My friend Dion Metzger, MD, a Psychiatrist and Co-Host of Mental Wellness Podcast Shrinking the Issues also told me to “ask future-oriented questions to take the focus off the current incarceration.” She encouraged us to discuss travel plans for next year or new date spots I want to try, because this will distract Joe from his current isolation and bring him some joy.
Hearing advice from two professionals in the space of relationships and mental health has been a godsend. I’ve incorporated both of their suggestions in my letters, and I’ve found that I sob less when I focus on the future and our beautiful memories.
How I Cope
Losing Joe, albeit temporarily, is one of the most challenging obstacles life has thrown my way.
I know that wallowing in misery 24/7 is unhealthy for me and for everyone who loves me. I lost five pounds in the past ten days, and I’m already underweight from my anorexia nervosa diagnosis. I understand that learning to cope is vital to my well-being.
Dion recommended that I focus on self-care and lean on my support system. She told me that “when a loved one gets into legal trouble, there are feelings that arise other than loneliness. You can experience anxiety about his safety and also fears about the implications of the arrest in the future.”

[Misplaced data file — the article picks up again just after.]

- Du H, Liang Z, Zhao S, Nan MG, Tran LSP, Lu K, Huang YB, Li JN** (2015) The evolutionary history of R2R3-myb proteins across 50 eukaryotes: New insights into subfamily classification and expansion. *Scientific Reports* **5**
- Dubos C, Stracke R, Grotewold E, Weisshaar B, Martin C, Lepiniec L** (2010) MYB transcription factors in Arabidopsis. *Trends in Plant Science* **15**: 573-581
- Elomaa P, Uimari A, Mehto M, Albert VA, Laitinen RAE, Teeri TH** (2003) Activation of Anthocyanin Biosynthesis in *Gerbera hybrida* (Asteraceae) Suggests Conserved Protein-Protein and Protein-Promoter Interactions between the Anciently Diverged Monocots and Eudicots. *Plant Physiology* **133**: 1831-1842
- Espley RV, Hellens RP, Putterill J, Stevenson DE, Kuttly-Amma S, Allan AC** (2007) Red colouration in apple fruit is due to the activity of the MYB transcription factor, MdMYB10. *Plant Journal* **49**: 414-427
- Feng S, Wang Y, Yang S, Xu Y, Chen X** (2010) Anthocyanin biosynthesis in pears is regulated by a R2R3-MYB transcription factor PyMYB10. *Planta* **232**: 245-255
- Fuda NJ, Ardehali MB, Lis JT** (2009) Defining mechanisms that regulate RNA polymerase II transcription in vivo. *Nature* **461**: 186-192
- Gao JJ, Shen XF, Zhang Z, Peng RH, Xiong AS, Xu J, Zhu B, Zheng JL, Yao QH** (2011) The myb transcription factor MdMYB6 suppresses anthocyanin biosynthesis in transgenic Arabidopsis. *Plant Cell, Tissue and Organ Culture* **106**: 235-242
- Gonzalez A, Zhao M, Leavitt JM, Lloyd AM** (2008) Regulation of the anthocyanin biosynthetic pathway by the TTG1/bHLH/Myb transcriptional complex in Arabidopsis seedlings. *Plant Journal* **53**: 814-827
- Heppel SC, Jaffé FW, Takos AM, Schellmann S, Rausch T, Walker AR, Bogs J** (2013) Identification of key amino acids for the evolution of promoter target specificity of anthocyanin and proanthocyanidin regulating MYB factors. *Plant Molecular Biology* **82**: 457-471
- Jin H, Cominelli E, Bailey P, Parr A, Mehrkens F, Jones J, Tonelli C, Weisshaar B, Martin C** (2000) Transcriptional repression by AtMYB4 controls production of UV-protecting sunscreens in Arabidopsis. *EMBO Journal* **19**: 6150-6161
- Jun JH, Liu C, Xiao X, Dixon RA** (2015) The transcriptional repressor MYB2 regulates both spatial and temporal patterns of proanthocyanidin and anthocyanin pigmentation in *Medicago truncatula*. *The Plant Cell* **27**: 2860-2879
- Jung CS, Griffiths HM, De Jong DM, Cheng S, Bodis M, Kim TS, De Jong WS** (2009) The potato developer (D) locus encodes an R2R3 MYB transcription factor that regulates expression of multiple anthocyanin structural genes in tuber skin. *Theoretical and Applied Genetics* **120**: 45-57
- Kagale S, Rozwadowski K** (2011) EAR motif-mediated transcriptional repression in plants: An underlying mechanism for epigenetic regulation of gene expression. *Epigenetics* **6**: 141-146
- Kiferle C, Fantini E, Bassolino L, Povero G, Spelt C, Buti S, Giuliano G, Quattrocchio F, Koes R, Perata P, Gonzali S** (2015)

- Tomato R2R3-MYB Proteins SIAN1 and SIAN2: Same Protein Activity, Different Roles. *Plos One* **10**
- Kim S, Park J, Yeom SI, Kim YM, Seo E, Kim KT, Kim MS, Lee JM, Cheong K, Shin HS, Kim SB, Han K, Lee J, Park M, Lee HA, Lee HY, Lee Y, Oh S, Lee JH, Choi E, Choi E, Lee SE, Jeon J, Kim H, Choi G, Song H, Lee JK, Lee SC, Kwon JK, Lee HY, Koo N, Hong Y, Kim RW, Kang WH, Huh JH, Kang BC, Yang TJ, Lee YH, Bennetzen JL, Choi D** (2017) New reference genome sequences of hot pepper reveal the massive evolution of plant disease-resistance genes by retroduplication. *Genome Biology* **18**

Half of my worries are about being alone, without the love of my life, and the other half are in regards to the state of his mental health, his safety, and not knowing his release date—that dreaded fear of the unknown terrifies me.
Dion told me to look forward as much as possible, because when one person becomes hopeless, the other follows. “Focus on what the next chapter will be rather than soaking in despair,” she suggested.
How I Fill My Days
I find myself staring at walls and reminiscing more often than anyone should. I’m in a funk, a valid funk, but a funk nonetheless. I’m drowning underwater and attempting to stay afloat; however, the pain I feel is real and intense. I don’t know how to live without Joe, or even just spend my days without him. However, Alexandra has provided me with useful advice to prioritize self-care, engage in distracting activities, and set aside time each day to fully feel the intensity of the situation.
I was relieved to hear from her that it’s normal to fall on my knees and cry hysterically. Nevertheless, I recognize that I can’t just let my depression creep into every moment, the way it has been recently. I continue to practice yoga and binge-watch my favorite shows, like Alexandra suggested. I promised Joe that I’d wait for him before finishing season four of This is Us, and I will wait, just like I’d wait a lifetime for him.
I wear Joe’s sweatpants most days and spray them with his cologne. I fall asleep in his cozy tee shirts—these things make me feel closer to him. I’m hurting but I will get through this, we both will, and eventually, this horrible situation will be no more than a blurred memory.
*Name has been changed